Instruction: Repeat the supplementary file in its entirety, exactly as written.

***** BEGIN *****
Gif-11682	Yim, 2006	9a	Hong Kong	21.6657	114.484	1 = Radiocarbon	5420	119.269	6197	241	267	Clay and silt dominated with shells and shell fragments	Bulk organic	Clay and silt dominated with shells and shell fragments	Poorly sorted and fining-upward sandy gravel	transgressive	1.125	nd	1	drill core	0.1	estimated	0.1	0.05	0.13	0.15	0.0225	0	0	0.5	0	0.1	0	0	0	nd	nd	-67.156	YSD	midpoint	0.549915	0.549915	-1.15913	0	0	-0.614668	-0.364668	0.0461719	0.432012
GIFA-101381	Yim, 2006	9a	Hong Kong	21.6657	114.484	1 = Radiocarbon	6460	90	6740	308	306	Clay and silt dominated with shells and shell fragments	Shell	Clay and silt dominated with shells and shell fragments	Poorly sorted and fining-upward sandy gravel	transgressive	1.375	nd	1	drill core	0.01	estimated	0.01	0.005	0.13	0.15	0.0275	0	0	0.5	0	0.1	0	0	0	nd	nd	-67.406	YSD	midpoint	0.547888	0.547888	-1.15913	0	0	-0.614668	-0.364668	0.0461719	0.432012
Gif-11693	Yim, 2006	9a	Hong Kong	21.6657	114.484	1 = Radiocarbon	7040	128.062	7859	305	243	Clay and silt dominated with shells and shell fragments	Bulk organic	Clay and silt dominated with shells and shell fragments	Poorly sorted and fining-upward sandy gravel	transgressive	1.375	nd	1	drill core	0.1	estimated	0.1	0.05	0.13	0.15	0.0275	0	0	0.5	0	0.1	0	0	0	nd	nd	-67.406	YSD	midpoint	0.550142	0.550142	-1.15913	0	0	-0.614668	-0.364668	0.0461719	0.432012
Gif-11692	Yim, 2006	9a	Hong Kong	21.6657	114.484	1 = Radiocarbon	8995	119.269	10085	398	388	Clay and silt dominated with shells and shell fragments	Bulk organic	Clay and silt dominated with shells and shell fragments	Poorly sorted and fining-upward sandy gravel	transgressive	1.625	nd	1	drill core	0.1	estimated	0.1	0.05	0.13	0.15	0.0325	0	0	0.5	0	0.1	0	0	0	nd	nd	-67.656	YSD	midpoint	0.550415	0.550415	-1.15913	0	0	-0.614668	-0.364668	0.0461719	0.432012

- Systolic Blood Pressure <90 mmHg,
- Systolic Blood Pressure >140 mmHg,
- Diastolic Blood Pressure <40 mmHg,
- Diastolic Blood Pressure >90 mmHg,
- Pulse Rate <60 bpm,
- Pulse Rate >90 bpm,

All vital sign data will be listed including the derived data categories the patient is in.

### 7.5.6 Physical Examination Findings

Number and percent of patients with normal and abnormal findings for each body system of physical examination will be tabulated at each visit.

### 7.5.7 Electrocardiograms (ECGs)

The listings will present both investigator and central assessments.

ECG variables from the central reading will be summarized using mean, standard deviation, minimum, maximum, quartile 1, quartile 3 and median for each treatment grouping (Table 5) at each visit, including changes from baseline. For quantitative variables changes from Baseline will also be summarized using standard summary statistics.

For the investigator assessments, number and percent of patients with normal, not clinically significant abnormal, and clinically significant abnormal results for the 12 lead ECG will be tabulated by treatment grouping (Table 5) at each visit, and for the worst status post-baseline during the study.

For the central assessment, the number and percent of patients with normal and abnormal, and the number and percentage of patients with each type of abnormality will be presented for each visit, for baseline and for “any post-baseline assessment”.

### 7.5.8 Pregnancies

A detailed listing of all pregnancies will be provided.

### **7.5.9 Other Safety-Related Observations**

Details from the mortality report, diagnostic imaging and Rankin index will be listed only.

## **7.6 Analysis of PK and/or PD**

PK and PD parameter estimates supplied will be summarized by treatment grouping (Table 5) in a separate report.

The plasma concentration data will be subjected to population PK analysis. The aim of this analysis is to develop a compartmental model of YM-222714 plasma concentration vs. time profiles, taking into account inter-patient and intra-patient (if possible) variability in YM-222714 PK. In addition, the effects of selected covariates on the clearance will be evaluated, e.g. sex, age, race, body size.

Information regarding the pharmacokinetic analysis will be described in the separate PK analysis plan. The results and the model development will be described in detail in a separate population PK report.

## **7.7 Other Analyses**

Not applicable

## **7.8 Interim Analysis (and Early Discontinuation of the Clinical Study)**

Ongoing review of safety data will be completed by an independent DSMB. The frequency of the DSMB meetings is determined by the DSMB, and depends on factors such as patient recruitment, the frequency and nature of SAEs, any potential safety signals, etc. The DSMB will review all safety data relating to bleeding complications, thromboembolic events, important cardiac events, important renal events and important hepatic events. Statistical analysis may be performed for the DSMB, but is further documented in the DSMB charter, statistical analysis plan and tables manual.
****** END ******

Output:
Gif-11682	Yim, 2006	9a	Hong Kong	21.6657	114.484	1 = Radiocarbon	5420	119.269	6197	241	267	Clay and silt dominated with shells and shell fragments	Bulk organic	Clay and silt dominated with shells and shell fragments	Poorly sorted and fining-upward sandy gravel	transgressive	1.125	nd	1	drill core	0.1	estimated	0.1	0.05	0.13	0.15	0.0225	0	0	0.5	0	0.1	0	0	0	nd	nd	-67.156	YSD	midpoint	0.549915	0.549915	-1.15913	0	0	-0.614668	-0.364668	0.0461719	0.432012
GIFA-101381	Yim, 2006	9a	Hong Kong	21.6657	114.484	1 = Radiocarbon	6460	90	6740	308	306	Clay and silt dominated with shells and shell fragments	Shell	Clay and silt dominated with shells and shell fragments	Poorly sorted and fining-upward sandy gravel	transgressive	1.375	nd	1	drill core	0.01	estimated	0.01	0.005	0.13	0.15	0.0275	0	0	0.5	0	0.1	0	0	0	nd	nd	-67.406	YSD	midpoint	0.547888	0.547888	-1.15913	0	0	-0.614668	-0.364668	0.0461719	0.432012
Gif-11693	Yim, 2006	9a	Hong Kong	21.6657	114.484	1 = Radiocarbon	7040	128.062	7859	305	243	Clay and silt dominated with shells and shell fragments	Bulk organic	Clay and silt dominated with shells and shell fragments	Poorly sorted and fining-upward sandy gravel	transgressive	1.375	nd	1	drill core	0.1	estimated	0.1	0.05	0.13	0.15	0.0275	0	0	0.5	0	0.1	0	0	0	nd	nd	-67.406	YSD	midpoint	0.550142	0.550142	-1.15913	0	0	-0.614668	-0.364668	0.0461719	0.432012
Gif-11692	Yim, 2006	9a	Hong Kong	21.6657	114.484	1 = Radiocarbon	8995	119.269	10085	398	388	Clay and silt dominated with shells and shell fragments	Bulk organic	Clay and silt dominated with shells and shell fragments	Poorly sorted and fining-upward sandy gravel	transgressive	1.625	nd	1	drill core	0.1	estimated	0.1	0.05	0.13	0.15	0.0325	0	0	0.5	0	0.1	0	0	0	nd	nd	-67.656	YSD	midpoint	0.550415	0.550415	-1.15913	0	0	-0.614668	-0.364668	0.0461719	0.432012

- Systolic Blood Pressure <90 mmHg,
- Systolic Blood Pressure >140 mmHg,
- Diastolic Blood Pressure <40 mmHg,
- Diastolic Blood Pressure >90 mmHg,
- Pulse Rate <60 bpm,
- Pulse Rate >90 bpm,

All vital sign data will be listed including the derived data categories the patient is in.

### 7.5.6 Physical Examination Findings

Number and percent of patients with normal and abnormal findings for each body system of physical examination will be tabulated at each visit.

### 7.5.7 Electrocardiograms (ECGs)

The listings will present both investigator and central assessments.

ECG variables from the central reading will be summarized using mean, standard deviation, minimum, maximum, quartile 1, quartile 3 and median for each treatment grouping (Table 5) at each visit, including changes from baseline. For quantitative variables changes from Baseline will also be summarized using standard summary statistics.

For the investigator assessments, number and percent of patients with normal, not clinically significant abnormal, and clinically significant abnormal results for the 12 lead ECG will be tabulated by treatment grouping (Table 5) at each visit, and for the worst status post-baseline during the study.

For the central assessment, the number and percent of patients with normal and abnormal, and the number and percentage of patients with each type of abnormality will be presented for each visit, for baseline and for “any post-baseline assessment”.

### 7.5.8 Pregnancies

A detailed listing of all pregnancies will be provided.

### **7.5.9 Other Safety-Related Observations**

Details from the mortality report, diagnostic imaging and Rankin index will be listed only.

## **7.6 Analysis of PK and/or PD**

PK and PD parameter estimates supplied will be summarized by treatment grouping (Table 5) in a separate report.

The plasma concentration data will be subjected to population PK analysis. The aim of this analysis is to develop a compartmental model of YM-222714 plasma concentration vs. time profiles, taking into account inter-patient and intra-patient (if possible) variability in YM-222714 PK. In addition, the effects of selected covariates on the clearance will be evaluated, e.g. sex, age, race, body size.

Information regarding the pharmacokinetic analysis will be described in the separate PK analysis plan. The results and the model development will be described in detail in a separate population PK report.

## **7.7 Other Analyses**

Not applicable

## **7.8 Interim Analysis (and Early Discontinuation of the Clinical Study)**

Ongoing review of safety data will be completed by an independent DSMB. The frequency of the DSMB meetings is determined by the DSMB, and depends on factors such as patient recruitment, the frequency and nature of SAEs, any potential safety signals, etc. The DSMB will review all safety data relating to bleeding complications, thromboembolic events, important cardiac events, important renal events and important hepatic events. Statistical analysis may be performed for the DSMB, but is further documented in the DSMB charter, statistical analysis plan and tables manual.